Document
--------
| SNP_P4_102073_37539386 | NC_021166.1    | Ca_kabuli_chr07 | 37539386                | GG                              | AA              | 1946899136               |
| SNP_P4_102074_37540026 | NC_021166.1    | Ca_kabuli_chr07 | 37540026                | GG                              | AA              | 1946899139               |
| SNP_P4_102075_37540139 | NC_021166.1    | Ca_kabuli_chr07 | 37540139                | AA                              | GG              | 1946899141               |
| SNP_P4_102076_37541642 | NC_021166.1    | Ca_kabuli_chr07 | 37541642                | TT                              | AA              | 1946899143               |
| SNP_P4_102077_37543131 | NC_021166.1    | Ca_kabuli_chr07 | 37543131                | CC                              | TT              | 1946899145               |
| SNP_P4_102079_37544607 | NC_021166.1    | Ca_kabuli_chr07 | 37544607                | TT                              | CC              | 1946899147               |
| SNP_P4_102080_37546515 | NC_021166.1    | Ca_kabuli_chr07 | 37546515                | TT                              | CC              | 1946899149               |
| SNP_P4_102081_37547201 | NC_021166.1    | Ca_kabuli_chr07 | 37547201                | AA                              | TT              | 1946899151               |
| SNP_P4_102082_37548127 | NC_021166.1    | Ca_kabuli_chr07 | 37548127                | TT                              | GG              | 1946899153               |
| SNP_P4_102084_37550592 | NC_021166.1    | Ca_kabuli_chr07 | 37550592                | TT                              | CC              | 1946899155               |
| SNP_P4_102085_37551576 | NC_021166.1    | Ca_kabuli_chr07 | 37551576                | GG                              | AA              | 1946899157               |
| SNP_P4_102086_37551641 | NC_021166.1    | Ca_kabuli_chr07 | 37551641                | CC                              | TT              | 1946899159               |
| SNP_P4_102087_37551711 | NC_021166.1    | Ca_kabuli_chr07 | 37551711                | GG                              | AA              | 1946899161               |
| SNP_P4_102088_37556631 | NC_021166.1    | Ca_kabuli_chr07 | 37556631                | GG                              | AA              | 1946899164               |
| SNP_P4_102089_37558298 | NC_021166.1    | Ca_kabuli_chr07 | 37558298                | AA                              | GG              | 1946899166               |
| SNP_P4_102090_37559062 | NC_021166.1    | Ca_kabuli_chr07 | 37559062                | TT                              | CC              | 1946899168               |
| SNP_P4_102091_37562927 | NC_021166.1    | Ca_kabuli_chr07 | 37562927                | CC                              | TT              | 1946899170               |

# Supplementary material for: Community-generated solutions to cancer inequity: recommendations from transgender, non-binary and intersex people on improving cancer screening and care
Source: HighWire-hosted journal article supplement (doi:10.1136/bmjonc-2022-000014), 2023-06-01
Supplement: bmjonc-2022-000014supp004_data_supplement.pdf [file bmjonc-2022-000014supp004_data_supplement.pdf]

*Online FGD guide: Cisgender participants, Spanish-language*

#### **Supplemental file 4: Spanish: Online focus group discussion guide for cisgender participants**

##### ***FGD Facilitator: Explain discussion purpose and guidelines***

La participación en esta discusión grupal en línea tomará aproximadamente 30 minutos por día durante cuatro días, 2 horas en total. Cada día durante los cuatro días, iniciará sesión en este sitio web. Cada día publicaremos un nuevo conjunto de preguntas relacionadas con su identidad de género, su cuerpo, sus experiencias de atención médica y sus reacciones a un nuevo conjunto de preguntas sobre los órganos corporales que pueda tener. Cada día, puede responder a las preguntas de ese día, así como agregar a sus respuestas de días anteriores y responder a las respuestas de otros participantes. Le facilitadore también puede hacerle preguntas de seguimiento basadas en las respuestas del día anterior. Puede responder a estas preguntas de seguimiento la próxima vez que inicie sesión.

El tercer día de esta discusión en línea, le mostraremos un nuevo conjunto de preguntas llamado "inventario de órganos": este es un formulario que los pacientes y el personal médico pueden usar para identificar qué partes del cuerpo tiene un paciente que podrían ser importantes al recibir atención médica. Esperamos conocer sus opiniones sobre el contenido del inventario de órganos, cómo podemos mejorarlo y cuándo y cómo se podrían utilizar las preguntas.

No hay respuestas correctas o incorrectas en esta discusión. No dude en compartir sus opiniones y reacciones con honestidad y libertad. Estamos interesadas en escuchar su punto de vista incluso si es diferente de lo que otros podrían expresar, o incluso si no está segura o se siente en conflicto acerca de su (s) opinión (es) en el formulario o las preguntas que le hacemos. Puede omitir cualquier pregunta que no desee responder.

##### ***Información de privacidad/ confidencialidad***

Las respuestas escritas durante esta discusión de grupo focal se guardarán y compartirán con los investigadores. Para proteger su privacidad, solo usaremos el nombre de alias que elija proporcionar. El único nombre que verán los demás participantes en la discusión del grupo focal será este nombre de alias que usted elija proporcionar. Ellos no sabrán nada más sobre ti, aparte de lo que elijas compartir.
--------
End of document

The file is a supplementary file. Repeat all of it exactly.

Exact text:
| SNP_P4_102073_37539386 | NC_021166.1    | Ca_kabuli_chr07 | 37539386                | GG                              | AA              | 1946899136               |
| SNP_P4_102074_37540026 | NC_021166.1    | Ca_kabuli_chr07 | 37540026                | GG                              | AA              | 1946899139               |
| SNP_P4_102075_37540139 | NC_021166.1    | Ca_kabuli_chr07 | 37540139                | AA                              | GG              | 1946899141               |
| SNP_P4_102076_37541642 | NC_021166.1    | Ca_kabuli_chr07 | 37541642                | TT                              | AA              | 1946899143               |
| SNP_P4_102077_37543131 | NC_021166.1    | Ca_kabuli_chr07 | 37543131                | CC                              | TT              | 1946899145               |
| SNP_P4_102079_37544607 | NC_021166.1    | Ca_kabuli_chr07 | 37544607                | TT                              | CC              | 1946899147               |
| SNP_P4_102080_37546515 | NC_021166.1    | Ca_kabuli_chr07 | 37546515                | TT                              | CC              | 1946899149               |
| SNP_P4_102081_37547201 | NC_021166.1    | Ca_kabuli_chr07 | 37547201                | AA                              | TT              | 1946899151               |
| SNP_P4_102082_37548127 | NC_021166.1    | Ca_kabuli_chr07 | 37548127                | TT                              | GG              | 1946899153               |
| SNP_P4_102084_37550592 | NC_021166.1    | Ca_kabuli_chr07 | 37550592                | TT                              | CC              | 1946899155               |
| SNP_P4_102085_37551576 | NC_021166.1    | Ca_kabuli_chr07 | 37551576                | GG                              | AA              | 1946899157               |
| SNP_P4_102086_37551641 | NC_021166.1    | Ca_kabuli_chr07 | 37551641                | CC                              | TT              | 1946899159               |
| SNP_P4_102087_37551711 | NC_021166.1    | Ca_kabuli_chr07 | 37551711                | GG                              | AA              | 1946899161               |
| SNP_P4_102088_37556631 | NC_021166.1    | Ca_kabuli_chr07 | 37556631                | GG                              | AA              | 1946899164               |
| SNP_P4_102089_37558298 | NC_021166.1    | Ca_kabuli_chr07 | 37558298                | AA                              | GG              | 1946899166               |
| SNP_P4_102090_37559062 | NC_021166.1    | Ca_kabuli_chr07 | 37559062                | TT                              | CC              | 1946899168               |
| SNP_P4_102091_37562927 | NC_021166.1    | Ca_kabuli_chr07 | 37562927                | CC                              | TT              | 1946899170               |

# Supplementary material for: Community-generated solutions to cancer inequity: recommendations from transgender, non-binary and intersex people on improving cancer screening and care
Source: HighWire-hosted journal article supplement (doi:10.1136/bmjonc-2022-000014), 2023-06-01
Supplement: bmjonc-2022-000014supp004_data_supplement.pdf [file bmjonc-2022-000014supp004_data_supplement.pdf]

*Online FGD guide: Cisgender participants, Spanish-language*

#### **Supplemental file 4: Spanish: Online focus group discussion guide for cisgender participants**

##### ***FGD Facilitator: Explain discussion purpose and guidelines***

La participación en esta discusión grupal en línea tomará aproximadamente 30 minutos por día durante cuatro días, 2 horas en total. Cada día durante los cuatro días, iniciará sesión en este sitio web. Cada día publicaremos un nuevo conjunto de preguntas relacionadas con su identidad de género, su cuerpo, sus experiencias de atención médica y sus reacciones a un nuevo conjunto de preguntas sobre los órganos corporales que pueda tener. Cada día, puede responder a las preguntas de ese día, así como agregar a sus respuestas de días anteriores y responder a las respuestas de otros participantes. Le facilitadore también puede hacerle preguntas de seguimiento basadas en las respuestas del día anterior. Puede responder a estas preguntas de seguimiento la próxima vez que inicie sesión.

El tercer día de esta discusión en línea, le mostraremos un nuevo conjunto de preguntas llamado "inventario de órganos": este es un formulario que los pacientes y el personal médico pueden usar para identificar qué partes del cuerpo tiene un paciente que podrían ser importantes al recibir atención médica. Esperamos conocer sus opiniones sobre el contenido del inventario de órganos, cómo podemos mejorarlo y cuándo y cómo se podrían utilizar las preguntas.

No hay respuestas correctas o incorrectas en esta discusión. No dude en compartir sus opiniones y reacciones con honestidad y libertad. Estamos interesadas en escuchar su punto de vista incluso si es diferente de lo que otros podrían expresar, o incluso si no está segura o se siente en conflicto acerca de su (s) opinión (es) en el formulario o las preguntas que le hacemos. Puede omitir cualquier pregunta que no desee responder.

##### ***Información de privacidad/ confidencialidad***

Las respuestas escritas durante esta discusión de grupo focal se guardarán y compartirán con los investigadores. Para proteger su privacidad, solo usaremos el nombre de alias que elija proporcionar. El único nombre que verán los demás participantes en la discusión del grupo focal será este nombre de alias que usted elija proporcionar. Ellos no sabrán nada más sobre ti, aparte de lo que elijas compartir.